Author: Anthony J. McMichael, ANU
Over the next half a century and beyond, two major, contrasting shifts in population health will affect the social and economic burdens of disease and the causes of premature death in the Asian region.
Pervasive and disruptive population-health developments could also affect the movement of people, social stability and geopolitical security. These projected shifts will have major implications for Australia.
The first health-related shift is the continuing rise in non-communicable diseases (NCDs) experienced in middle to later adulthood, owing to rises in wealth, middle-income consumerism, dietary changes and urbanisation. The World Health Organization now views this as a global epidemic (and a drag on social development), with 63 per cent of global deaths in 2008 attributable to NCDs, including cardiovascular diseases, cancers, diabetes and chronic lung diseases. These four diseases are growing disproportionately in low-income countries, a trend that is well underway throughout Asia. As infectious diseases recede and life expectancies rise, the burden of NCDs is increasing — along with related national economic burdens.
The second health-related shift will come from a continued deterioration of and changes to environmental and climatic conditions — changes that affect the foundations of population health. With the population of most Asian countries still growing, pressure on natural resources is escalating. Asia is also exposed to ongoing global environmental changes, particularly climate change. This category of risk is largely borne of ongoing threats to food yields, freshwater supplies, the instability of infectious-disease agents, and the diverse health consequences (physical and mental) of extreme weather events. Knock-on health impacts also occur in internally displaced groups and in those seeking refuge in neighbouring countries — and this can pose a health risk to receiving populations.
The combination of demographic, environmental and climatic stresses is likely to increase food insecurity in much of Asia. China, India, South Korea and others are now acquiring land in foreign countries outside Asia as insurance against domestic land and food shortages. And along with changes in food production and procurement methods, these stresses are likely to mobilise still more ‘emerging infectious diseases’ in the Asian region and further afield. Several have recently materialised in Asia and others have made their transit through the region to Australia. Recent examples include the outbreak of SARS and the H5N1 bird flu. New viral diseases from bats, displaced from their natural habitat and with wide regional fly-paths, have also infected humans in Malaysia, Bangladesh and Australia over the past 15 years.
These shifts will have significant implications for Australia. Biomedical, educational and training programs will be needed for the prevention and management of NCDs. Asian countries are not currently well prepared to handle this burden, and there is an opportunity to make and sell appropriate health-care technology to help with its management. Emergent risks from infectious disease may also place new demands on Australia’s health-care institutions, professional training and wider social policies. Regionally, there is a need for stronger and more-coordinated surveillance of infectious-disease risks and patterns. This surveillance should include inter-country trade in livestock, given it is a potential source of infectious disease and carries the potential to spread to humans.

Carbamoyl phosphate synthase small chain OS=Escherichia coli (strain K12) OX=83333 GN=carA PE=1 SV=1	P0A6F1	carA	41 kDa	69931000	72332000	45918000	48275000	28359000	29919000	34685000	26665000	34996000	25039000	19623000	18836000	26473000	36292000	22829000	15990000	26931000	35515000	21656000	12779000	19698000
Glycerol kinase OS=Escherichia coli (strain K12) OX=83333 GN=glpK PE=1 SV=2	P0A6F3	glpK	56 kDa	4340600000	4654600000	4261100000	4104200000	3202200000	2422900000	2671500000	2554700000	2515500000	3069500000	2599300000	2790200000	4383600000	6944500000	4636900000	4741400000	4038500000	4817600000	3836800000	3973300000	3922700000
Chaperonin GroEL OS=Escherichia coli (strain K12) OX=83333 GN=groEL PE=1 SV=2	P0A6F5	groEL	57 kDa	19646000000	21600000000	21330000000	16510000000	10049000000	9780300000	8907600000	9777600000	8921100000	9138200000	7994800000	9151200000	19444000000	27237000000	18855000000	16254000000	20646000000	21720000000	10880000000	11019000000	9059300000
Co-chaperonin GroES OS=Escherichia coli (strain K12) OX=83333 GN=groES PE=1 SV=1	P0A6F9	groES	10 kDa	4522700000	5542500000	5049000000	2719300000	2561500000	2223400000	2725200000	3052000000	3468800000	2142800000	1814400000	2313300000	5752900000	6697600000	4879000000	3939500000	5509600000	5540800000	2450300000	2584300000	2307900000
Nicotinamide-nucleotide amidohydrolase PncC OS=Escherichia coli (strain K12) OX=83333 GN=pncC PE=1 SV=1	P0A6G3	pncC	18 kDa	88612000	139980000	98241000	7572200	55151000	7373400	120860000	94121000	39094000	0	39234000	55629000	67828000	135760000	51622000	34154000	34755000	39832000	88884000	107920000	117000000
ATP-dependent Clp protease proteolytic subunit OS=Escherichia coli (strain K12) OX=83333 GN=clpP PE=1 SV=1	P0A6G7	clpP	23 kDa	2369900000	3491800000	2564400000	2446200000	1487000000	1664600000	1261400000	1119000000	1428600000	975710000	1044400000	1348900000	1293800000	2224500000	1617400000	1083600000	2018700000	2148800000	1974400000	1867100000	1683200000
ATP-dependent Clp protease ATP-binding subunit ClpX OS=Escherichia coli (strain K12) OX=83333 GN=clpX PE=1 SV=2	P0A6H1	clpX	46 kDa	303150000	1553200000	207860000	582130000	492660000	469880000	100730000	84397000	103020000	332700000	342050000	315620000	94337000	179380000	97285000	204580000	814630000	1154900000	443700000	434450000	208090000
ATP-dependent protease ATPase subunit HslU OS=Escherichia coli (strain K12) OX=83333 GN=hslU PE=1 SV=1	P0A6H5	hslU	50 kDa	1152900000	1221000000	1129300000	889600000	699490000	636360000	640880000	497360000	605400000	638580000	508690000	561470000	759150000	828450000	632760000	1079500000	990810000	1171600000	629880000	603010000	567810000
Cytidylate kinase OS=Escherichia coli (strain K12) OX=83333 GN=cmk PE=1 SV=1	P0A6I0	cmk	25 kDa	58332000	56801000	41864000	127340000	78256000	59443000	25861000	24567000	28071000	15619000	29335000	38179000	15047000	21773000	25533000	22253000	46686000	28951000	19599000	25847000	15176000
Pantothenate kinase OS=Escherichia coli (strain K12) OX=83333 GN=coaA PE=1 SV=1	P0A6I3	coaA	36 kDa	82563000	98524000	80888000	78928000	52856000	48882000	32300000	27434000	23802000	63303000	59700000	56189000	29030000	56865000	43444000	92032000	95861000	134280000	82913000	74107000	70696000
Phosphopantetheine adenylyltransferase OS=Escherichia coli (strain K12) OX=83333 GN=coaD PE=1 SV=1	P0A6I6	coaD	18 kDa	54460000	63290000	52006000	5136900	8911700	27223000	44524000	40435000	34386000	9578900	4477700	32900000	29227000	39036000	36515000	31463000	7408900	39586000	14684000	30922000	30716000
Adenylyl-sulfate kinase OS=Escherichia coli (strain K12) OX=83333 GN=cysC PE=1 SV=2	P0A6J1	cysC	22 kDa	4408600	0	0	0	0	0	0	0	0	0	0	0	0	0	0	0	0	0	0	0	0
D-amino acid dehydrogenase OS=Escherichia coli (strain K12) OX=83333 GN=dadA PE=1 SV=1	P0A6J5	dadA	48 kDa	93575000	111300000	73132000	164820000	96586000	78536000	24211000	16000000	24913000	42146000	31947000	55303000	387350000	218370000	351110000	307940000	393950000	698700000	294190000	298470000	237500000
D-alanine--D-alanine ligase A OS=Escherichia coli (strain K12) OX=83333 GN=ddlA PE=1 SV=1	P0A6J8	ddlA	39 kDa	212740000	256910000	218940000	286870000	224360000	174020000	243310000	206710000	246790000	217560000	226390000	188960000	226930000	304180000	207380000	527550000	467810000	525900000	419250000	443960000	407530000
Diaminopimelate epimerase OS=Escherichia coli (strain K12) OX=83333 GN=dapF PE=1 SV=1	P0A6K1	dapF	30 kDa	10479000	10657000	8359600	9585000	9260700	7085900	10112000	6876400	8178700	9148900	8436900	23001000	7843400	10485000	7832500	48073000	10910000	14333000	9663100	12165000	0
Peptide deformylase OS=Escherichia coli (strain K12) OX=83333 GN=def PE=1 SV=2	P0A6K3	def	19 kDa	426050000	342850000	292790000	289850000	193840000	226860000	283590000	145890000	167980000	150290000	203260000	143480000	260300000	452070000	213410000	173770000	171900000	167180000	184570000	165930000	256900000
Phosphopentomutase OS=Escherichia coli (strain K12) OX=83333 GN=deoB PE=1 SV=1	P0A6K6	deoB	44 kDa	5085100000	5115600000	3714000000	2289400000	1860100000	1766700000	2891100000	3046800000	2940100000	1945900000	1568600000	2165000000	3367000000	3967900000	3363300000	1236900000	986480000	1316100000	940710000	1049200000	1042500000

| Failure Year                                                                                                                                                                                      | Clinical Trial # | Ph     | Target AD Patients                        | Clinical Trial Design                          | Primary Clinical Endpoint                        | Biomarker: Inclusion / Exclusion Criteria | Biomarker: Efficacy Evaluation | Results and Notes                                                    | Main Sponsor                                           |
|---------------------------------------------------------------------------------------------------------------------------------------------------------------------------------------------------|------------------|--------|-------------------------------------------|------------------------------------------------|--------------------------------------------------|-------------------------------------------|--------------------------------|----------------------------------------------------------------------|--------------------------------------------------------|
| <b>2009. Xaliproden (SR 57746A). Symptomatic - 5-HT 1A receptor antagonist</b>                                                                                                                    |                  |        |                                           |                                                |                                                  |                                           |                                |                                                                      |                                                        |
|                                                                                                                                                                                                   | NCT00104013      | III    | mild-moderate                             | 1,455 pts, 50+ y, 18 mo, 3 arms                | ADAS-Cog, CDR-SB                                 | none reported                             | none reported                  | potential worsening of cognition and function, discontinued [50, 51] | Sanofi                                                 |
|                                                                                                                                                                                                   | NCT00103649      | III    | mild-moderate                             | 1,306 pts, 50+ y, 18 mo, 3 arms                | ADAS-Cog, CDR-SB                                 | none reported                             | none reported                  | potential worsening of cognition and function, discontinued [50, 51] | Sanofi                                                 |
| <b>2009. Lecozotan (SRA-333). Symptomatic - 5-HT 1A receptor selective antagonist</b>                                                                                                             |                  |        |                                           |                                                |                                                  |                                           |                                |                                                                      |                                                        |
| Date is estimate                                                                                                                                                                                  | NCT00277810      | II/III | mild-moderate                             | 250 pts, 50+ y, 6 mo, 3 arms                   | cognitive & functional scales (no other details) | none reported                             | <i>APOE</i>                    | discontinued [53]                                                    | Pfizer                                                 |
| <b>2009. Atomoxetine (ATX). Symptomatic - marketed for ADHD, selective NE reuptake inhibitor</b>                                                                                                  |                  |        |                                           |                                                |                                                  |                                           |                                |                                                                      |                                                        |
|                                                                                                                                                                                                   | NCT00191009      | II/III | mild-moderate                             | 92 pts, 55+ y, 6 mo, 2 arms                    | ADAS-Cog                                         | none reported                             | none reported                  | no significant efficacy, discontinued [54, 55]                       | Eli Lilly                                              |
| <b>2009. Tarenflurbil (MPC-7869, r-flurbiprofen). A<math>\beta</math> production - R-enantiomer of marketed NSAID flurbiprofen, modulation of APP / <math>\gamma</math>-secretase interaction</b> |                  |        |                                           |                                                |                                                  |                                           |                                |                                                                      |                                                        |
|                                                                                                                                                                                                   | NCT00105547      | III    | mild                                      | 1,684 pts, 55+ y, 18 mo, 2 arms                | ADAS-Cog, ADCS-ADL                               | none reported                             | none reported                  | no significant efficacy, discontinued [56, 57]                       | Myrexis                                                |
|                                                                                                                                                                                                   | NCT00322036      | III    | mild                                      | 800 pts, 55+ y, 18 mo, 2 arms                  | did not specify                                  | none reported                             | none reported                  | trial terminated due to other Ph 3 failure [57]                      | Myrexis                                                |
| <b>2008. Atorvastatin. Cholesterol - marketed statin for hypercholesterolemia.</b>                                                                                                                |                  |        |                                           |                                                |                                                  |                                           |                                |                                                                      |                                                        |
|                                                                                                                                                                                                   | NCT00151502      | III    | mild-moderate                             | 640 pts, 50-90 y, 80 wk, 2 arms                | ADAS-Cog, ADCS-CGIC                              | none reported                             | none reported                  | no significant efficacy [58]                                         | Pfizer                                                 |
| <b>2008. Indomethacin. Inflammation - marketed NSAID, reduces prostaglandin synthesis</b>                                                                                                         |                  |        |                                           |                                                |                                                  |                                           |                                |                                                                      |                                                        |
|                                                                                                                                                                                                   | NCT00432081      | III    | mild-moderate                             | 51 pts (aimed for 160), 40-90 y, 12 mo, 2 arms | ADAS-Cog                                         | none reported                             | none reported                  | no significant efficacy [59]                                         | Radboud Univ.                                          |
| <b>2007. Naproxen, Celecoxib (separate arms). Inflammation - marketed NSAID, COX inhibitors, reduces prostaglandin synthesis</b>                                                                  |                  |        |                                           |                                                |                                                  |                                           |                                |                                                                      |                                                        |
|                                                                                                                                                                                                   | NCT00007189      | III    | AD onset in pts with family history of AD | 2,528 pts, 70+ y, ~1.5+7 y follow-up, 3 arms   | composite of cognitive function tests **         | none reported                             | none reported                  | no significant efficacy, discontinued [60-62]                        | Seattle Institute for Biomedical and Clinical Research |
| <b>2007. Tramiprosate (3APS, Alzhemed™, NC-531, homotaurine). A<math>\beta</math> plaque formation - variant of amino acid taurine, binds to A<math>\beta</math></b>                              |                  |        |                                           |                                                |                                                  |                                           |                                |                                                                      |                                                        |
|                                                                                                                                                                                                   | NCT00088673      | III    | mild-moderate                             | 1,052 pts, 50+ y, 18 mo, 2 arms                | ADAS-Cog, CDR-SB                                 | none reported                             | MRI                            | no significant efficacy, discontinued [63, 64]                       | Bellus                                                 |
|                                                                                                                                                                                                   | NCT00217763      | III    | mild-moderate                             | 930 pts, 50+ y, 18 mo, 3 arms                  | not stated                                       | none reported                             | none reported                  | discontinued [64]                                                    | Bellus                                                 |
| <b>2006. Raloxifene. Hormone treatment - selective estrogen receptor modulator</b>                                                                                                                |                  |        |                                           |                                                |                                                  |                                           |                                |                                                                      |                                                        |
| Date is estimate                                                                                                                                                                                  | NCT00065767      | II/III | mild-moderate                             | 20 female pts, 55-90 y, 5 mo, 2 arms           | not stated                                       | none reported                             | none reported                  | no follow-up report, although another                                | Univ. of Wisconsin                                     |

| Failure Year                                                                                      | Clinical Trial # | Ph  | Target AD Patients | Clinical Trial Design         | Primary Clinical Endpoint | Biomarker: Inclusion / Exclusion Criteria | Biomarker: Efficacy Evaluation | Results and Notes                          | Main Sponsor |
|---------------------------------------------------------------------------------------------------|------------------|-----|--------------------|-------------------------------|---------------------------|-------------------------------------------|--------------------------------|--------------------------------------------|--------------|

As the impacts of environmental and climatic changes increase, and as competition for river water, groundwater and arable land escalates, there will be adverse social and political consequences. This will demand greater regional research collaboration to better understand the sources, dynamics, control and management of these changes. Australia has a moral responsibility to contribute to this research, and the situation poses an opportunity for postgraduate training and bilateral scientific-exchange programs. Australia must also plan effectively for situations of social and political tension that will likely foment conflict and displacement. The health ramifications for those involved will be diverse, and Australia must choose and balance its political, economic, moral and self-protective responses.
Both of the emerging types of risk to population health will place increased stress on public health systems. Remedial strategies, including a reliance on doctors and hospitals, will not suffice — these are not exclusively health-sector issues. Rather, Asia and Australia face a number of population-level health consequences resulting from major shifts in the region’s environmental and social conditions. Many of the health consequences are foreseeable and (partly) preventable — depending on what pre-emptive multi-sectoral action is taken. With the prospect of increased population movement, regional food stresses, and the ever-present (and probably increasing) risk of novel epidemics, better coordinated public health strategies are needed in the region. These strategies should include monitoring, information sharing, collaborative research and coordinated disaster response.
Meanwhile, changes in the level and profile of population health will be the ultimate markers of how well Australia and its Asian neighbours are collectively managing the journey into their shared future.
Anthony J. McMichael is Professor of Population Health at the National Centre for Epidemiology and Population Health, Australian National University.